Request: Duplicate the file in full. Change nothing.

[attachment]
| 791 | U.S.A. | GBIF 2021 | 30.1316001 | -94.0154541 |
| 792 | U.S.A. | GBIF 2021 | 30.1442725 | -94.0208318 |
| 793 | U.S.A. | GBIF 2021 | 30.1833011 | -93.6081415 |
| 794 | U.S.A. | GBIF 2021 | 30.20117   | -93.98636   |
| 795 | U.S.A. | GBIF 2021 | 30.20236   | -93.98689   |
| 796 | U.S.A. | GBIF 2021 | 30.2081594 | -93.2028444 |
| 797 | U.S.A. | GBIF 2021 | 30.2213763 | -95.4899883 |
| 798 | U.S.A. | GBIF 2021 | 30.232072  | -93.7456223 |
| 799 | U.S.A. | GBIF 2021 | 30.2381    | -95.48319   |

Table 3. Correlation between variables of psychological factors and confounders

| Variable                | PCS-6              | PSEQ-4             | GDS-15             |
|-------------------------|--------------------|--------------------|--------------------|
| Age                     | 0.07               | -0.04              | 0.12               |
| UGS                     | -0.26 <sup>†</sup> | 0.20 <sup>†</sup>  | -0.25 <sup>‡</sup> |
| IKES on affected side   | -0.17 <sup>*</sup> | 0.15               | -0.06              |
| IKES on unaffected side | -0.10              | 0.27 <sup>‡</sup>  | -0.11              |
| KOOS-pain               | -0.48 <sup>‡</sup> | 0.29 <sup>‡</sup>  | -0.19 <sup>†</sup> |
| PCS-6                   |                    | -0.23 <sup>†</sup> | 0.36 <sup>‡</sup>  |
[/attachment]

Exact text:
| 791 | U.S.A. | GBIF 2021 | 30.1316001 | -94.0154541 |
| 792 | U.S.A. | GBIF 2021 | 30.1442725 | -94.0208318 |
| 793 | U.S.A. | GBIF 2021 | 30.1833011 | -93.6081415 |
| 794 | U.S.A. | GBIF 2021 | 30.20117   | -93.98636   |
| 795 | U.S.A. | GBIF 2021 | 30.20236   | -93.98689   |
| 796 | U.S.A. | GBIF 2021 | 30.2081594 | -93.2028444 |
| 797 | U.S.A. | GBIF 2021 | 30.2213763 | -95.4899883 |
| 798 | U.S.A. | GBIF 2021 | 30.232072  | -93.7456223 |
| 799 | U.S.A. | GBIF 2021 | 30.2381    | -95.48319   |

Table 3. Correlation between variables of psychological factors and confounders

| Variable                | PCS-6              | PSEQ-4             | GDS-15             |
|-------------------------|--------------------|--------------------|--------------------|
| Age                     | 0.07               | -0.04              | 0.12               |
| UGS                     | -0.26 <sup>†</sup> | 0.20 <sup>†</sup>  | -0.25 <sup>‡</sup> |
| IKES on affected side   | -0.17 <sup>*</sup> | 0.15               | -0.06              |
| IKES on unaffected side | -0.10              | 0.27 <sup>‡</sup>  | -0.11              |
| KOOS-pain               | -0.48 <sup>‡</sup> | 0.29 <sup>‡</sup>  | -0.19 <sup>†</sup> |
| PCS-6                   |                    | -0.23 <sup>†</sup> | 0.36 <sup>‡</sup>  |